On August 16, 1996, Sheila Bryan and her 82-year-old mother, Freda, left their home in Omega, Georgia to take a leisurely sight-seeing drive through the countryside. Tragedy struck when Bryan said she became distracted, lost control and drove the 1987 Mercury Cougar off the road in a ditch at the bottom of an 18-foot embankment.
Bryan later said she couldn’t turn the car off and her mother was not responsive. She was able to get out, but couldn’t get her out because the door was locked.
She climbed the embankment to seek help and by chance a cousin of hers, Danny Weeks, and his wife were driving down the road. By the time she stopped them, smoke was billowing from the car. Weeks ran to get a bucket of water, but it was too late. Neither of them could approach the car because the blaze was out of control. Her mother was dead, although the medical examiner said it was unclear whether she was dead before being burned.
Bryan was indicted on December 18, 1997 on charges of arson and murder. Colquitt County prosecutors said that Bryan, weary of caring for her elderly mother, had deliberately set the car afire to collect on the auto’s insurance policy.
State arson investigators testified that the fire began on the floorboard in front of the driver’s seat and spread to the passenger side and that the blaze was intentionally set by someone using a flammable liquid. The investigators pointed to what they said were “pour patterns” left by the burning of a flammable liquid.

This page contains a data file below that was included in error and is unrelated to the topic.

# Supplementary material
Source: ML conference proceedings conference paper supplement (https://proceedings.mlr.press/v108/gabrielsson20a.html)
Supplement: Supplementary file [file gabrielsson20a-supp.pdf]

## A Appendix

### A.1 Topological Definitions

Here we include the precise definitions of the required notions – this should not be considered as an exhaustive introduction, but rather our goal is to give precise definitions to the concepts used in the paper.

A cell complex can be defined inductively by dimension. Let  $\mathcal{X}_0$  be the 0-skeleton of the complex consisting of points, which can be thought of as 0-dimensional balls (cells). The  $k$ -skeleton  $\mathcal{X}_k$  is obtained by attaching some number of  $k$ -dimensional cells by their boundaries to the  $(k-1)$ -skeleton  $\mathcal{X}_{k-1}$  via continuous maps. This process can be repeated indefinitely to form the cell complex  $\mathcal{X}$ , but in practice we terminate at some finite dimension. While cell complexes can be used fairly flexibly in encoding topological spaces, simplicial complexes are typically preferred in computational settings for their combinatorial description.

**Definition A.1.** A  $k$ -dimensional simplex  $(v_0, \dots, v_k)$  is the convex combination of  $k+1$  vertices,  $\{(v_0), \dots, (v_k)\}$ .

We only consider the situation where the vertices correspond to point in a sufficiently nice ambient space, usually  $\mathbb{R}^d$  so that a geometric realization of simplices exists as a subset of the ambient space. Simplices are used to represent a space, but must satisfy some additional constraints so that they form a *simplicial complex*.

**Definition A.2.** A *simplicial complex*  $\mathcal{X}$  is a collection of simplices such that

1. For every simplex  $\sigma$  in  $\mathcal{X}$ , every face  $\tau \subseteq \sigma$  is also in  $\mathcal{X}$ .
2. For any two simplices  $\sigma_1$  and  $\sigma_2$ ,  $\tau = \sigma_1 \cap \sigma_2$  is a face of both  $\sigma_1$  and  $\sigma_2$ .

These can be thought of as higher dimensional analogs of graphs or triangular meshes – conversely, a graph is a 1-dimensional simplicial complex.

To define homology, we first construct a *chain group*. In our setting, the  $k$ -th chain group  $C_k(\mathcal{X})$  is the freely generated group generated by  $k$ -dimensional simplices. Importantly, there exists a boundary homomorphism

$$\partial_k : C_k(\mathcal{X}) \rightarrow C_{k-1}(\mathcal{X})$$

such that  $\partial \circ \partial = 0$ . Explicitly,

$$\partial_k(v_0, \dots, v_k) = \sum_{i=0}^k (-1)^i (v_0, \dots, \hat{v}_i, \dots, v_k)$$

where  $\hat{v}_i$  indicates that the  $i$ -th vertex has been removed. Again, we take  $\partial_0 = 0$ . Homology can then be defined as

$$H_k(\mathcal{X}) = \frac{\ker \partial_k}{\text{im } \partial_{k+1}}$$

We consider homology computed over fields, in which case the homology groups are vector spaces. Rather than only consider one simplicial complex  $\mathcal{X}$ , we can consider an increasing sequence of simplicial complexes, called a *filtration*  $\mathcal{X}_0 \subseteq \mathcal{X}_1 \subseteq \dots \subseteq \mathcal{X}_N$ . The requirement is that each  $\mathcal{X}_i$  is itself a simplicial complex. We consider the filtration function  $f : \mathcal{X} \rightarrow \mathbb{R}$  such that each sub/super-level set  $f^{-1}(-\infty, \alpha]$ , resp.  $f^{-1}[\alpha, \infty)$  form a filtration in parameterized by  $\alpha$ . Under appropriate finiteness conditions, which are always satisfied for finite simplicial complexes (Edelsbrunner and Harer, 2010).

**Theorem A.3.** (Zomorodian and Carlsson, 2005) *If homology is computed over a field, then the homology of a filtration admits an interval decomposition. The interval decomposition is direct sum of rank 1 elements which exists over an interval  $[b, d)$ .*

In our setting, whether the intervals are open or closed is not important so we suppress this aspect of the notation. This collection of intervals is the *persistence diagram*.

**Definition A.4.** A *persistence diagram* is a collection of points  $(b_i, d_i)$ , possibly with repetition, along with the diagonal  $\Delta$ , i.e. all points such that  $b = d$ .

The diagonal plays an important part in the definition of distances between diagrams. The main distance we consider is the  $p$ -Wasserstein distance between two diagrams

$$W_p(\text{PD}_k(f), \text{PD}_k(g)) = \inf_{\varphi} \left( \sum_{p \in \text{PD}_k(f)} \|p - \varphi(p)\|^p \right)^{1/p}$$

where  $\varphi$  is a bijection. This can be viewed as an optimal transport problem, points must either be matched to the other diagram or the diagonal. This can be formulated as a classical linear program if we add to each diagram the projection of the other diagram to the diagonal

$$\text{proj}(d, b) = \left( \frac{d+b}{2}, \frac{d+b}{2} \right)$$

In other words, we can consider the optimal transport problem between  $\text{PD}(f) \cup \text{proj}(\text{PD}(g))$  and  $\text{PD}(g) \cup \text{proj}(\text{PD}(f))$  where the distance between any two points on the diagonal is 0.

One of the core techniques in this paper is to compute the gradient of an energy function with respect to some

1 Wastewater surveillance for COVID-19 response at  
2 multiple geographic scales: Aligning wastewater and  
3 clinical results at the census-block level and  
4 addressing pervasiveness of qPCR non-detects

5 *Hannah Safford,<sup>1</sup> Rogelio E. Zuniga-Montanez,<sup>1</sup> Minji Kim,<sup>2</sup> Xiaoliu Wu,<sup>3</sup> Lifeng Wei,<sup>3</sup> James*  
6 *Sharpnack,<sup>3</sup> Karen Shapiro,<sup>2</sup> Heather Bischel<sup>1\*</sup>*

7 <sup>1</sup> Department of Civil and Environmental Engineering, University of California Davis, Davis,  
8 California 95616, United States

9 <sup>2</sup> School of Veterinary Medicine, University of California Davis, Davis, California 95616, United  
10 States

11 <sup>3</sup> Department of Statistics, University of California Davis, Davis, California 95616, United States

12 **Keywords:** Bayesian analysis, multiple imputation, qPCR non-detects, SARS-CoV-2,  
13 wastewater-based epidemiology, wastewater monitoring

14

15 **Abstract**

A defense expert testified that there were no burn patterns left by ignitable liquids and that the fire was caused by an electrical failure.
On September 4, 1997, Bryan, 44, was convicted by a jury and she was sentenced to life in prison for the murder and 20 years for the arson.
On June 14, 1999, the Supreme Court of Georgia overturned the verdict, ruling that evidence about the insurance policy on the car was improperly admitted because there was no evidence of a connection to the crime.
In January, 2000, Bryan went on trial again. By this time, her defense had retained Gerald Hurst, an arson expert from Austin, Texas, who testified that the fire appeared to have been started by a faulty ignition switch and that what prosecution experts said were pour patterns were actually the result of the burning of plastic that melted during the intense blaze. Hurst said the prosecution experts relied on outdated and disproven arson theories.
On January 28, 2000, a jury deliberated for three hours and then acquitted Bryan.
– Maurice Possley